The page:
A new study shows that smoking has a negative impact on long-term survival in breast cancer patients and quitting smoking may reduce mortality risk.
The study, published Thursday in JNCI Cancer Spectrum, consisted of 1,508 Long Island women with breast cancer who were asked about their smoking status.
Researchers found that the risk of all-cause mortality was higher among the 19 percent of women who reported smoking when they were diagnosed with breast cancer, compared to those who never smoked.
The risk of all-cause mortality was even higher among the 8 percent of women who were smokers at or after diagnosis, however, it was reduced among the 11 percent of women who quit smoking after diagnosis.
“Studies of smoking and breast cancer survival have generally focused on at-diagnosis smoking as a prognostic indicator,” Dr. Humberto Parada of the University of North Carolina at Chapel Hill, said in a news release.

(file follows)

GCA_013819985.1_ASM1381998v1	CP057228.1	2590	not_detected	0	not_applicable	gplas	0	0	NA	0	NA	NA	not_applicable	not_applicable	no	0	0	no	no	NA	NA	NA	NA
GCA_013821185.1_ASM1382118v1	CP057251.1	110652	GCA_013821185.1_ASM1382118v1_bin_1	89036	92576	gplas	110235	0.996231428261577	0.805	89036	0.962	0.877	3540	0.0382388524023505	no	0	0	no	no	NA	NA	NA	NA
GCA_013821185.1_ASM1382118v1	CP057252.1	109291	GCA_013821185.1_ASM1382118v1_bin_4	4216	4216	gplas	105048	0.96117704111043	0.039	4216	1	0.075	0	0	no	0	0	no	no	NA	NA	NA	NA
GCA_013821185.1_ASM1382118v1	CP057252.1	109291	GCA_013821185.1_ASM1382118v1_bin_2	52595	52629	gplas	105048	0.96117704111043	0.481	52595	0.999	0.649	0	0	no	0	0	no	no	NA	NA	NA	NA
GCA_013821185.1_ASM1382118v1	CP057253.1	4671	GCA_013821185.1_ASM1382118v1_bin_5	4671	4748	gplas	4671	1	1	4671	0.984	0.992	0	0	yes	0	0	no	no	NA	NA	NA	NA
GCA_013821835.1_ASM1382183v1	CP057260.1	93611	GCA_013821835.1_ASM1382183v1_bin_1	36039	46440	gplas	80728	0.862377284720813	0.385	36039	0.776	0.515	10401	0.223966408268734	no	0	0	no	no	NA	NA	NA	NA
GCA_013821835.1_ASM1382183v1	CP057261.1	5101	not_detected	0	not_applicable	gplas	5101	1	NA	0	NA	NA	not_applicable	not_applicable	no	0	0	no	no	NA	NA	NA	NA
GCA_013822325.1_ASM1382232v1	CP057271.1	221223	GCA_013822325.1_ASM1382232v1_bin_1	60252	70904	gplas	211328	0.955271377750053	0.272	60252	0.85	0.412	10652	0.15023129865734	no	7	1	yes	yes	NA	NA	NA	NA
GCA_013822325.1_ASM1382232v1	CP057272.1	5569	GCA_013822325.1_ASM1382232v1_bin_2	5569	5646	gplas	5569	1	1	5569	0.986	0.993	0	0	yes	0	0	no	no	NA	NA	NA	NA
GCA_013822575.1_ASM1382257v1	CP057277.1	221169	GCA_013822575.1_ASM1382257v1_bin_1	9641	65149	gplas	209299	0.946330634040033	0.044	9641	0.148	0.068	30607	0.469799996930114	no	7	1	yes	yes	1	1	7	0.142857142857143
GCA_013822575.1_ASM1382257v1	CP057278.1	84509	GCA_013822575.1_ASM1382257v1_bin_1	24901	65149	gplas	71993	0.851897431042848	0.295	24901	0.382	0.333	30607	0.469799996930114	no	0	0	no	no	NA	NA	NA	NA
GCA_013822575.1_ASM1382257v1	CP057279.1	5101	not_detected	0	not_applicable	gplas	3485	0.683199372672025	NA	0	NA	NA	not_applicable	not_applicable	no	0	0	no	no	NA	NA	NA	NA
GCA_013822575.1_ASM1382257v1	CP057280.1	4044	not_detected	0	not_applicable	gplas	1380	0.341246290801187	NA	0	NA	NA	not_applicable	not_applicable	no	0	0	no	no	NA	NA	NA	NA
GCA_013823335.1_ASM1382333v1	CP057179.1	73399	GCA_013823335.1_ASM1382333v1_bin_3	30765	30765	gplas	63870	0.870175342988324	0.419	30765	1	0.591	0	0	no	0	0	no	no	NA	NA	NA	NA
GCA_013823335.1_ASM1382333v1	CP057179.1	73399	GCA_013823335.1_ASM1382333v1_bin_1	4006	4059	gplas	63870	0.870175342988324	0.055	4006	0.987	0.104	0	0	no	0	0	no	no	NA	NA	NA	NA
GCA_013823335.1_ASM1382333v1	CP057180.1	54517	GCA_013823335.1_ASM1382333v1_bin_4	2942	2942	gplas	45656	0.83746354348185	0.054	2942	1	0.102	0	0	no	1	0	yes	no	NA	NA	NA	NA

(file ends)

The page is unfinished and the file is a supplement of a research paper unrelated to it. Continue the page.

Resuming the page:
“We considered the impact of post-diagnosis changes in smoking and show that quitting smoking after diagnosis may be important to improve survival among women with breast cancer. Future studies should continue to study the mechanisms by which smoking impacts breast cancer specific-survival.”
Smoking at the time of breast cancer diagnosis was linked to a 69 percent higher risk of all-cause mortality, compared to women who never smoked. The risk of all-cause mortality increased 130 percent for women who continued to smoke after diagnosis compared to those who never smoked.
Breast cancer specific mortality risk was increased 60 percent in women who continued to smoke after diagnosis, but was not elevated in those who quit smoking compared to women who never smoked.
“Evidence that smoking cessation benefits even those who quit soon after diagnosis should serve as continued motivation for breast cancer survivors to pursue positive health behavior changes,” study authors stated.
By Amy Wallace